I had the chance to give a course on multimodality at the University of Fribourg (Switzerland) in the framework of the Certificate of Advanced Studies in Interaction Science and Technology:
It has been an intensive day during which i have been teaching for six hours to a highly interactive class that has posed a large number of interesting questions. After introducing the concept of multimodality in disciplines like psychology and biology, I have shown how Artificial Intelligence deals with the phenomenon. In particular, I have shown how early and late fusion (the two basic methodologies for the development of multimodal approaches) can be thought of as modifications of Bayes Decision Theory. To complete the day, I have show how such methodologies have been applied in two interesting problems, namely the analysis of attachment in children and the inference of personality traits from simple vocalisations like “ehm” or “uhm”.
Nick Heath from TechRepublic has interviewed me about the challenges of automatic face recognition in real-world settings. I pointed out at the difficulties of training AI-driven systems when it is not possible to know in advance what kind of variability will be encountered in operational conditions. Interestingly enough, Chris Bishop, interviewed in the same article, seems to have focused on exactly the same issue. During the interview, I noticed the usual feelings that journalists have when they learn that AI is not an almighty technology and, in many cases, we are far from the possibility to reliably use it in everyday conditions.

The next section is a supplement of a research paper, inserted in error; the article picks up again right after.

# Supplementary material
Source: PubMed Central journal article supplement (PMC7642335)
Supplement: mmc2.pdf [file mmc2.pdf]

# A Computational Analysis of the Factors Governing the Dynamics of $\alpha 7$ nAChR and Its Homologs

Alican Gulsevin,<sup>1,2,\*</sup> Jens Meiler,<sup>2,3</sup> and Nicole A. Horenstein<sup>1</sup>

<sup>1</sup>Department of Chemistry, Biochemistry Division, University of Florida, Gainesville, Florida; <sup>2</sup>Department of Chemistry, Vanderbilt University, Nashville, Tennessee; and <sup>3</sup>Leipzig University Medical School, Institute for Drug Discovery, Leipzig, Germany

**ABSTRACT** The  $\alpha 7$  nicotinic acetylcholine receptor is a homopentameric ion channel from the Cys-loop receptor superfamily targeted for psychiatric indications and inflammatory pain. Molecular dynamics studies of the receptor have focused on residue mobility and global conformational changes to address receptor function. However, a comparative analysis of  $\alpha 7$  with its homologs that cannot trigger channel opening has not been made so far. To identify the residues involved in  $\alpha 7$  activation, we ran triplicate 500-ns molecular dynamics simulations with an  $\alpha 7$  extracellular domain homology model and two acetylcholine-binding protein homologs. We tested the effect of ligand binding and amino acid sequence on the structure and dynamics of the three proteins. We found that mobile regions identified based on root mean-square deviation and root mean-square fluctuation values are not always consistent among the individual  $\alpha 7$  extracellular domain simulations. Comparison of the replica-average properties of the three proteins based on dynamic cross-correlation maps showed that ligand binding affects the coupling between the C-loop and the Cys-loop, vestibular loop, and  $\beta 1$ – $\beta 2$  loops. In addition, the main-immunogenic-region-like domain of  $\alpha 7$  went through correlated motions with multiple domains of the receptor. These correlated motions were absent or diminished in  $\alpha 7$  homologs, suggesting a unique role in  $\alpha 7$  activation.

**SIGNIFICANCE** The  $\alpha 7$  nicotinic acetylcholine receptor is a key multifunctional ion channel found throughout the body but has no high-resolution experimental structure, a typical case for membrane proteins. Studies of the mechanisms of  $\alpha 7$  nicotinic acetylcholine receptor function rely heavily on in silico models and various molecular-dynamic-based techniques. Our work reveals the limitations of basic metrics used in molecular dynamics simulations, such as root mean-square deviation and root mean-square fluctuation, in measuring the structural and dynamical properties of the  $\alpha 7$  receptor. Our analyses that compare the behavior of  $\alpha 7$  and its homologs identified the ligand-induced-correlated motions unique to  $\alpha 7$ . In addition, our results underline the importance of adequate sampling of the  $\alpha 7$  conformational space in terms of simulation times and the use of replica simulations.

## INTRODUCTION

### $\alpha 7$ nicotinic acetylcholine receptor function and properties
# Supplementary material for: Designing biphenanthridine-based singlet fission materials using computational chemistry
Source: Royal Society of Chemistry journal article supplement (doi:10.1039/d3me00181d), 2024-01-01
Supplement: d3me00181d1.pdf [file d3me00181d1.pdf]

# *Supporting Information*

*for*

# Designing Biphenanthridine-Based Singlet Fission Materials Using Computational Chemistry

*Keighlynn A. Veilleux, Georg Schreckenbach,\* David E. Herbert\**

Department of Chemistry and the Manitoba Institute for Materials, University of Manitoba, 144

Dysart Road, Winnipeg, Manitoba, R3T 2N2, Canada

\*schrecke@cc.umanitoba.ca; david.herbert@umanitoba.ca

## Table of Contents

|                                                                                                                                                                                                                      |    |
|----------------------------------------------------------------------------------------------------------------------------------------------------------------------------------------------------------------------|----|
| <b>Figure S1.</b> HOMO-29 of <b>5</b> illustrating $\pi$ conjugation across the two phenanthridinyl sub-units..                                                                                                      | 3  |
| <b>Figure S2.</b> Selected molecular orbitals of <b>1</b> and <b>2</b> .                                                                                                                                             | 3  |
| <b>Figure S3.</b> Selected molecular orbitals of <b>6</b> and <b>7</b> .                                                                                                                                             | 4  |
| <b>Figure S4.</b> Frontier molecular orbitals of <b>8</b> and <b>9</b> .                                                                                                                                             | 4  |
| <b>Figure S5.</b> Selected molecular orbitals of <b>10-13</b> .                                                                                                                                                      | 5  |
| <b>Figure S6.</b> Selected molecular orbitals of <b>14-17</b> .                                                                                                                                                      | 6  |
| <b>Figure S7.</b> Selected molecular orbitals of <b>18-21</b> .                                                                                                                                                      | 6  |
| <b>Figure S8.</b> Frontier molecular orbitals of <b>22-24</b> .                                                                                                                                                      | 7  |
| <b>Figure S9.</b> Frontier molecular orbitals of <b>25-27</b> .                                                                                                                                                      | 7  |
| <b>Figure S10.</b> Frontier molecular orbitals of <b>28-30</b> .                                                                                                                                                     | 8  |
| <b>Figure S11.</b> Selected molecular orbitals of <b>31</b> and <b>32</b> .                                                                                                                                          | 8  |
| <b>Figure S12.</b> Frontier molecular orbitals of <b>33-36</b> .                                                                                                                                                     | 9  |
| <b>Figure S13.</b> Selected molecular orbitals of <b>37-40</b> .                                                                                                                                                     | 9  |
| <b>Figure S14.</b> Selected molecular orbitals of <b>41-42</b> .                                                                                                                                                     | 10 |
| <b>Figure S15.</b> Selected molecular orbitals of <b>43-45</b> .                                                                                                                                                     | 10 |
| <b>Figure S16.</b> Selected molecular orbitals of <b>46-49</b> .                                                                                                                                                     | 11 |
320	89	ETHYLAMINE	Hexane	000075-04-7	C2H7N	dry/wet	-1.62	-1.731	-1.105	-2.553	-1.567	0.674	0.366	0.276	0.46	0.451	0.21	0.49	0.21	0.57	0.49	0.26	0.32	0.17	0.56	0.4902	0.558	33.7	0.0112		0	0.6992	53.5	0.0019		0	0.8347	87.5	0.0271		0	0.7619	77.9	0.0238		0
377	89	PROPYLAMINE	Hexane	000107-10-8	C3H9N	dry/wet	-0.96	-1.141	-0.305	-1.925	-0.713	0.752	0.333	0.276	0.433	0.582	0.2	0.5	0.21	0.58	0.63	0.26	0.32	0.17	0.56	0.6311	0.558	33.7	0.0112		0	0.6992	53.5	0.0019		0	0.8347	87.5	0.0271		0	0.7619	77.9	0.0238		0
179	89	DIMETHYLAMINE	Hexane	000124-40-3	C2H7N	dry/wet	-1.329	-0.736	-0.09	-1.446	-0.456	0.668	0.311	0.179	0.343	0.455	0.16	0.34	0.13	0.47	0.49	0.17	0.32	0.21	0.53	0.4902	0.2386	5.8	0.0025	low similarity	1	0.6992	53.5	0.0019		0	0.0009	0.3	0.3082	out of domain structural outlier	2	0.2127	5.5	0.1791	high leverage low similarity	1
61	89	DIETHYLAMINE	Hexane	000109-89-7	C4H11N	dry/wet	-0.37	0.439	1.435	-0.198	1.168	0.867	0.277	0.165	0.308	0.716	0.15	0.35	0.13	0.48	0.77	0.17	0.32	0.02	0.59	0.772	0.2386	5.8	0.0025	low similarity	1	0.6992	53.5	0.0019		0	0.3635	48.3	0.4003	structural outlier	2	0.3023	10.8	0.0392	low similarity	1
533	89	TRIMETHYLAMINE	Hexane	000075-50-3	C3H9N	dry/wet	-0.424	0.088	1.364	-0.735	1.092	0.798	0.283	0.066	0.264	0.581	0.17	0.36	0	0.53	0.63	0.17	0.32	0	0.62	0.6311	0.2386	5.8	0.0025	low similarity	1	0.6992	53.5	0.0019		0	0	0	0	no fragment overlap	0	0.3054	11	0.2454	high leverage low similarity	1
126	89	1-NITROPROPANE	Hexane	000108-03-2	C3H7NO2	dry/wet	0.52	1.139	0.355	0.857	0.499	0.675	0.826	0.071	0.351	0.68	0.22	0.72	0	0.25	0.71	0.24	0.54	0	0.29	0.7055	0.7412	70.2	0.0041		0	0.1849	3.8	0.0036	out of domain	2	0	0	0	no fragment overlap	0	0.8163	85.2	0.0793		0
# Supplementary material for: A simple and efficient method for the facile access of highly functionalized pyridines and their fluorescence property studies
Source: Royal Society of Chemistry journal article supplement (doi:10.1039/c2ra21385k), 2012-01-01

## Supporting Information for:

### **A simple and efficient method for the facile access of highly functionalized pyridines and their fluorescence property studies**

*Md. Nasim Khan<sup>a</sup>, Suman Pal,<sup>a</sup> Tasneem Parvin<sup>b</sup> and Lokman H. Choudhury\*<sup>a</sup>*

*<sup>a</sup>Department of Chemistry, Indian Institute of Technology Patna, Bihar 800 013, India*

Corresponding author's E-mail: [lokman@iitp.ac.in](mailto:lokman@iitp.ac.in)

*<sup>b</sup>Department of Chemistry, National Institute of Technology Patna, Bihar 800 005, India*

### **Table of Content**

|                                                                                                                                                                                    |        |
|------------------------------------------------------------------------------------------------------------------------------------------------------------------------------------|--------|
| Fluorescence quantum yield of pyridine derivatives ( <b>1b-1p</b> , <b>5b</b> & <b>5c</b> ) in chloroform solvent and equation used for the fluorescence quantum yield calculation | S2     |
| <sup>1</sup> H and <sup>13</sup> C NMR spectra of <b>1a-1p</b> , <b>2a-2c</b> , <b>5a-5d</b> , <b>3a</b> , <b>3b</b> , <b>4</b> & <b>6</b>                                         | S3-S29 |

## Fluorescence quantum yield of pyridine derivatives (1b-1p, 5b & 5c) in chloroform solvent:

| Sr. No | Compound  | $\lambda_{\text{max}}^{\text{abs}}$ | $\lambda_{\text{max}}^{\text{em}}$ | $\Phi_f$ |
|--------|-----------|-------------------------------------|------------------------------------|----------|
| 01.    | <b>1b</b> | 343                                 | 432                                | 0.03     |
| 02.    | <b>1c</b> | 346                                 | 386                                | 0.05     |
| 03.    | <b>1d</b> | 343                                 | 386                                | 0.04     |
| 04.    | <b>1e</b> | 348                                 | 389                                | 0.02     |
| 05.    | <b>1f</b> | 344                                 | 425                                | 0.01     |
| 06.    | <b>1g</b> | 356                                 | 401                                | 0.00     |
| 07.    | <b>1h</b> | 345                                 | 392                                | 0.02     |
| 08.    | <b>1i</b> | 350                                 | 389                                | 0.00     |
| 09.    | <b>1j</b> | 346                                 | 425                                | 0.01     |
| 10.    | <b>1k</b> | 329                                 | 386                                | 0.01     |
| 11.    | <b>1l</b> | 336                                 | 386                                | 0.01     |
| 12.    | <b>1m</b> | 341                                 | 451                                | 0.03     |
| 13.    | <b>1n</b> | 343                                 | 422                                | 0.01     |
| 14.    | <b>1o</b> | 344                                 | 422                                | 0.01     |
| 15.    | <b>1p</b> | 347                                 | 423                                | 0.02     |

Here is the excerpt of the interview where I am quoted:
In facial-recognition systems, accuracy can suffer when the images the system has been trained on aren’t sufficiently varied — in terms of factors like the individuals’ pose, lighting, shadows, obstructions, glasses, facial hair, and the resolution of the image.
“The learning process allows the machine to be robust to the variability that is well represented in the training material, but not to the variability that is not represented,” said Alessandro Vinciarelli, professor in the school of computing science at the University of Glasgow.
Thanks to the great work of Harry Nguyen, I had the chance to participate in the Workshop “Health Optimisation: State-of-the-Art Technologies in Modern Psychiatry“. The event took place in Singapore at the Institute of Psychiatry and has gathered patients, doctors and researchers in both technology and medicine. The main lesson I learned during the lively discussions is that the main resource psychiatrists miss is the time to establish a deep dialogue with their patients. In turn, these feel that having more time at disposition with their doctors is a crucial need towards better chances of improvement. Overall, such an observation is a major encouragement towards the development of technologies capable to make the work of the psychiatrists more efficient, in line with the goals of my two main current projects, namely “School Attachment Monitor” and “Socially Competent Robots“.